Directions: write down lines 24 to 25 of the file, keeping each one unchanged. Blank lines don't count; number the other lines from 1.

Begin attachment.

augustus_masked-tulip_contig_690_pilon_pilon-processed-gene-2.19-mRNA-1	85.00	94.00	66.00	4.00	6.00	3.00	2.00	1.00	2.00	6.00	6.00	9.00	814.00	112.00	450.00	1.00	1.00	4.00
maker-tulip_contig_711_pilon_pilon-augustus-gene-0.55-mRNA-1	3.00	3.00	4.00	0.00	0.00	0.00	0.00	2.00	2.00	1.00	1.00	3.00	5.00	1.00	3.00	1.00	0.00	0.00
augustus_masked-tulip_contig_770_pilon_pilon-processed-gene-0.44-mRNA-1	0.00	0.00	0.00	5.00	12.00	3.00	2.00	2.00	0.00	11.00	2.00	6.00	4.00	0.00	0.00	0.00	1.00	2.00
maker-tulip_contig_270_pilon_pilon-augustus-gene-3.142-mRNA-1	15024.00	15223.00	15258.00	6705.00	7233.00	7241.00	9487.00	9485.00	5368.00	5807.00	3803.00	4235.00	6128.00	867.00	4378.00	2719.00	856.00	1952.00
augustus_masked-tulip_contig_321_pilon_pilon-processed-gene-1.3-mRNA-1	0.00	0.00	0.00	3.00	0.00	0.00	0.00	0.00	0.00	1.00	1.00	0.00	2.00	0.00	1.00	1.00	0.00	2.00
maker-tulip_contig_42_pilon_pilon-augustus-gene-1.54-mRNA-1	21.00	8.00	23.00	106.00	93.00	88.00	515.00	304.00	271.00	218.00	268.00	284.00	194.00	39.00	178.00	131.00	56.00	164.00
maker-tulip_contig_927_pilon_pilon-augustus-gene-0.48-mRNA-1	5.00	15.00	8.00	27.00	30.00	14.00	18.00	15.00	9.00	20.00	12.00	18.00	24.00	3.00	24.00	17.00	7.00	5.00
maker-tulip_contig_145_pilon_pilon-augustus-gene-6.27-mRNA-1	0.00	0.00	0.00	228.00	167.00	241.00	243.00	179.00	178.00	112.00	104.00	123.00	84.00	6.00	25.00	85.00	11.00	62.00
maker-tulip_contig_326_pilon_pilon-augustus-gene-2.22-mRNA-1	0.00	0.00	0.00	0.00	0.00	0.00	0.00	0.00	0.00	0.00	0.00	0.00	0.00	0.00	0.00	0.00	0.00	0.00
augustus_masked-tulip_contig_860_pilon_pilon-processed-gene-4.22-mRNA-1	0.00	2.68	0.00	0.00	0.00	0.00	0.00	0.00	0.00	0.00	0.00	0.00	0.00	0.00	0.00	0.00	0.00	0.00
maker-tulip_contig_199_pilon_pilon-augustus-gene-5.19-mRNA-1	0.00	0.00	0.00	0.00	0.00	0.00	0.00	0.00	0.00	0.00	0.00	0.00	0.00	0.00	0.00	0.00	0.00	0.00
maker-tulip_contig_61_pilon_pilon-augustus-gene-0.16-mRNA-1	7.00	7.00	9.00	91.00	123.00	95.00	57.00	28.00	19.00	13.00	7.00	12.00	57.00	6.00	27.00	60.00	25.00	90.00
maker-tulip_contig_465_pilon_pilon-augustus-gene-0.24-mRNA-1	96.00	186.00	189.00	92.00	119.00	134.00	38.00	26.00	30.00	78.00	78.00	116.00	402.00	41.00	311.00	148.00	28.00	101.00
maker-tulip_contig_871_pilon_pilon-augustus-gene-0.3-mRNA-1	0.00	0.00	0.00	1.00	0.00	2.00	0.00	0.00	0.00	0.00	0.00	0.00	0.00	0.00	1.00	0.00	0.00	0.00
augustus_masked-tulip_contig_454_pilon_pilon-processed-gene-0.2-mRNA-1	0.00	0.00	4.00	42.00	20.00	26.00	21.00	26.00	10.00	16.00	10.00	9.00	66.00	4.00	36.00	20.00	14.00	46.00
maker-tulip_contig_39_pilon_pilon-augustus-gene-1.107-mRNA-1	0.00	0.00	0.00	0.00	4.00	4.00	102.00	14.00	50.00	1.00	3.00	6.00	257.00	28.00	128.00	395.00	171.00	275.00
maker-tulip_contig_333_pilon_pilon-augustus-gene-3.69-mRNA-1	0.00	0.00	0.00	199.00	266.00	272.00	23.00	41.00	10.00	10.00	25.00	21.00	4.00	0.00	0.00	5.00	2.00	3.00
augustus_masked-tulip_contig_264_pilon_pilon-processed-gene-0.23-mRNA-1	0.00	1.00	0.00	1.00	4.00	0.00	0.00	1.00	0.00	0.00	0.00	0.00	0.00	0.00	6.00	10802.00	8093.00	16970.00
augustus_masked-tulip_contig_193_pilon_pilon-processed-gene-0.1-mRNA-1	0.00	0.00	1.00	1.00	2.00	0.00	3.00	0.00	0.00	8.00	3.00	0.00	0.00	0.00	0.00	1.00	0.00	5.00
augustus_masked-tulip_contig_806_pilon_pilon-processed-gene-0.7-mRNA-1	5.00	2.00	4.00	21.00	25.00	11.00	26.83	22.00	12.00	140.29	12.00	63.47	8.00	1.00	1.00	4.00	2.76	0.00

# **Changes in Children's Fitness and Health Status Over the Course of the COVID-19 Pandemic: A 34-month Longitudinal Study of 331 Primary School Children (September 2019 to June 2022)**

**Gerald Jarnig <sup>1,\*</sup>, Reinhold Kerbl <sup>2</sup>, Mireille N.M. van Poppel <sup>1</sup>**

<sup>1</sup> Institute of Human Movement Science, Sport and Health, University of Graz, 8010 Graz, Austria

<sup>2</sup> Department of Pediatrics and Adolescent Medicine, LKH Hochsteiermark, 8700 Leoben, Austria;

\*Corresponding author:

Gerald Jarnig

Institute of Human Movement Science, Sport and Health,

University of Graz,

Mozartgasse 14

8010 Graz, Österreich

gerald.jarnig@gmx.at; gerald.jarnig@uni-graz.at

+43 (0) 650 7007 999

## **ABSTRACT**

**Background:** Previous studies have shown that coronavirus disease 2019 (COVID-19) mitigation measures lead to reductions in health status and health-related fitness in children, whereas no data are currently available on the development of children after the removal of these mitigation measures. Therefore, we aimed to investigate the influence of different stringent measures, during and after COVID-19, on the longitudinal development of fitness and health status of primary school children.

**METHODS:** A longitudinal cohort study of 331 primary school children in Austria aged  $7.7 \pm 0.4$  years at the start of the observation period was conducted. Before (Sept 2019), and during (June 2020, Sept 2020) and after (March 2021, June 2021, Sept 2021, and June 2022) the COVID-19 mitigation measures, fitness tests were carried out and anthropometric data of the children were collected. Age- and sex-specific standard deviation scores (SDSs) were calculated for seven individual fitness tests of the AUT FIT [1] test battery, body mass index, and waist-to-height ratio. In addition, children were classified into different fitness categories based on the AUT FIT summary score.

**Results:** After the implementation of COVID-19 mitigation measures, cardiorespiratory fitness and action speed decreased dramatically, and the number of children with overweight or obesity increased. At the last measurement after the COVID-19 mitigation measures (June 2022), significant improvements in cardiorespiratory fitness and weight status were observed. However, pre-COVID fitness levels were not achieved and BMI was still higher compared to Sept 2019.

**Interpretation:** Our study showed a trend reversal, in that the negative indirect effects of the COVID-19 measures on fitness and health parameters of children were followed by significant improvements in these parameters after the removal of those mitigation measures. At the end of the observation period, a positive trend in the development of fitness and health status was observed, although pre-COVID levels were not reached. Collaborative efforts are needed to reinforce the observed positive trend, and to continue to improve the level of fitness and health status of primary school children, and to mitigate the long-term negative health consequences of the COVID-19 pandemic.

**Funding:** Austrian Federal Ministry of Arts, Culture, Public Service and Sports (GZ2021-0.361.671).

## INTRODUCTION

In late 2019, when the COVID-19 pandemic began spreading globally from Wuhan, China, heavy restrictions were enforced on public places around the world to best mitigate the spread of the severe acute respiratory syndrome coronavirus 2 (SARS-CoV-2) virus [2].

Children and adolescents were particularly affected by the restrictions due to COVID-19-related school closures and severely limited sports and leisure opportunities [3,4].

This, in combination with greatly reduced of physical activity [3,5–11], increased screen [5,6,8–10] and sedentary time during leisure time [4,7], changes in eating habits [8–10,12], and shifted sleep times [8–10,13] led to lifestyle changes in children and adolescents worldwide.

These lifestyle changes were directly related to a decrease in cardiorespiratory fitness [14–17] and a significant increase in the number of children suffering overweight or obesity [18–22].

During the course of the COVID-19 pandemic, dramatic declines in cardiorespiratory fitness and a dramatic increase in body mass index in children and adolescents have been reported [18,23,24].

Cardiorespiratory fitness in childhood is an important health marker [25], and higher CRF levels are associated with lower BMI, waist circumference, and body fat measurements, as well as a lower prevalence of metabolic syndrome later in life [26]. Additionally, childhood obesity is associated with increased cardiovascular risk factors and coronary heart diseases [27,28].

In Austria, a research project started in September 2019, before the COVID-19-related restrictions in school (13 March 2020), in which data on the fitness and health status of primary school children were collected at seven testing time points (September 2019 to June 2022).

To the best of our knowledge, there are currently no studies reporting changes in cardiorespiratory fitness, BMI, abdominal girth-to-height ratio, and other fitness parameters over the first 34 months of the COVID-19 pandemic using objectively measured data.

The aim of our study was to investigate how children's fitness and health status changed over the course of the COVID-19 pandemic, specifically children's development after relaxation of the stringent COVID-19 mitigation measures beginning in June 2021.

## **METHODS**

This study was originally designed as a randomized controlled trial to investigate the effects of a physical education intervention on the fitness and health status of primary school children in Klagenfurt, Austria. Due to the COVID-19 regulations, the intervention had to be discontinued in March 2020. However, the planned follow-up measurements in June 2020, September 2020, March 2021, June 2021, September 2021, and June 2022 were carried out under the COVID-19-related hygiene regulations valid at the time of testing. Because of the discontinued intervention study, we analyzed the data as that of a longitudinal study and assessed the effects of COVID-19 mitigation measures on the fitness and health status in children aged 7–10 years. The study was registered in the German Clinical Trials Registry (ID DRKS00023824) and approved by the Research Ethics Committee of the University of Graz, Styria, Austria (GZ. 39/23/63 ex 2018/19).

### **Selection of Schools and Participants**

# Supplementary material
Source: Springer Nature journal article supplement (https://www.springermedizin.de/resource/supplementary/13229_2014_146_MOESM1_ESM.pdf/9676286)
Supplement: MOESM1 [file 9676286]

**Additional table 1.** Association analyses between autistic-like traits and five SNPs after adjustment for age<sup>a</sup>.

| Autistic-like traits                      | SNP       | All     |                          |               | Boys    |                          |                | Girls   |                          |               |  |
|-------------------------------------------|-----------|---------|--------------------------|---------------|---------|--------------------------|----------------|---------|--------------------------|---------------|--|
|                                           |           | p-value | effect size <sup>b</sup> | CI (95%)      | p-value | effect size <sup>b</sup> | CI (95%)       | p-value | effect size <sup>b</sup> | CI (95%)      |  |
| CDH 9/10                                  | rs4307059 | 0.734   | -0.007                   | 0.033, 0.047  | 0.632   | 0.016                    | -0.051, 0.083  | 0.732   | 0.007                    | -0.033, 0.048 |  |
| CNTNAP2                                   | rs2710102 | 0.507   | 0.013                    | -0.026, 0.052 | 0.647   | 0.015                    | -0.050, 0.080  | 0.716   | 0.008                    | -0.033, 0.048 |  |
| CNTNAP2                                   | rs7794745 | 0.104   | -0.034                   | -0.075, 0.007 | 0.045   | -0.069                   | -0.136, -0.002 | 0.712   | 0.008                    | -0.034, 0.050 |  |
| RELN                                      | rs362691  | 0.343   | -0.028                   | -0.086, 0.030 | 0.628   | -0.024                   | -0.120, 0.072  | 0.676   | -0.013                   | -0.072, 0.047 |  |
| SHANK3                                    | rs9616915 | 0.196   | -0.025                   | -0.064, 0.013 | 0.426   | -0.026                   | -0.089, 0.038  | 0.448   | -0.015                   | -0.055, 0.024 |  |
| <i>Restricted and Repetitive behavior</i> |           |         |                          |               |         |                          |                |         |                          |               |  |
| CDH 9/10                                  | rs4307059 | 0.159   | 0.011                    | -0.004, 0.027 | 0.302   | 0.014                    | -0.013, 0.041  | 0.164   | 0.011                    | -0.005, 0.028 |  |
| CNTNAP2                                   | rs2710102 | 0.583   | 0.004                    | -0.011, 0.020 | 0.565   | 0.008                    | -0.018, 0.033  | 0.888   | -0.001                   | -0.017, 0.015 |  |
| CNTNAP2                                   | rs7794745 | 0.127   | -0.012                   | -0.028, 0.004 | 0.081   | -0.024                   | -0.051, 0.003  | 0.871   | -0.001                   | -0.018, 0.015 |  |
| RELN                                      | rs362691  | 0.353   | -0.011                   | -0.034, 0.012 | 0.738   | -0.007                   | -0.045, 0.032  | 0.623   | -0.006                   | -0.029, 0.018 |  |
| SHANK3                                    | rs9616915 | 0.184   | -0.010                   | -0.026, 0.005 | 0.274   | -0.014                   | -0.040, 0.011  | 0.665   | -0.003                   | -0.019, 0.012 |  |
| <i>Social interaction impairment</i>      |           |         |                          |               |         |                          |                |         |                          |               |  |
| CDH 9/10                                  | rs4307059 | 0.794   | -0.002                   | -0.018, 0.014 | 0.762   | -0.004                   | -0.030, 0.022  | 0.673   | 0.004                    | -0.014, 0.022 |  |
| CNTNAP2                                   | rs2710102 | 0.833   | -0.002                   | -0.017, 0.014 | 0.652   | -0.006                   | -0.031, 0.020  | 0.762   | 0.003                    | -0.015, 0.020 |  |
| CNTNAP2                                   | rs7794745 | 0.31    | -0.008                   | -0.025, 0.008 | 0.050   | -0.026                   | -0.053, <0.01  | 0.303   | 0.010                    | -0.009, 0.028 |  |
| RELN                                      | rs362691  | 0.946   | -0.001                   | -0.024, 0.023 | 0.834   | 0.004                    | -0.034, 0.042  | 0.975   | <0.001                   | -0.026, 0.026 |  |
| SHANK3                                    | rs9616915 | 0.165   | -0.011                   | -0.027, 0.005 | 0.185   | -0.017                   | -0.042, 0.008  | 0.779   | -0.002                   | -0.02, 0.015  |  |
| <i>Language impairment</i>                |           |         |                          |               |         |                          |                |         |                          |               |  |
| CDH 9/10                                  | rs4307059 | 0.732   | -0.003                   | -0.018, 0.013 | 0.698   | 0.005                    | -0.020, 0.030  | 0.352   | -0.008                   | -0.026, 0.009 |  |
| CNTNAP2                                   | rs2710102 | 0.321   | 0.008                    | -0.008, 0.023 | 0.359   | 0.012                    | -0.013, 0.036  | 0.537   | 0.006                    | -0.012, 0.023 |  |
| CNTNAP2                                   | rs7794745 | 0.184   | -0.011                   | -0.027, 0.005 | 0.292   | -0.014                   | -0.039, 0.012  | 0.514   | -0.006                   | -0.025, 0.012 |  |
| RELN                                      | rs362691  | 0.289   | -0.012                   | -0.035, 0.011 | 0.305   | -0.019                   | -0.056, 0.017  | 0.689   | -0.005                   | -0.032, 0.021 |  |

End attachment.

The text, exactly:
<sup>2</sup> Department of Pediatrics and Adolescent Medicine, LKH Hochsteiermark, 8700 Leoben, Austria;

\*Corresponding author: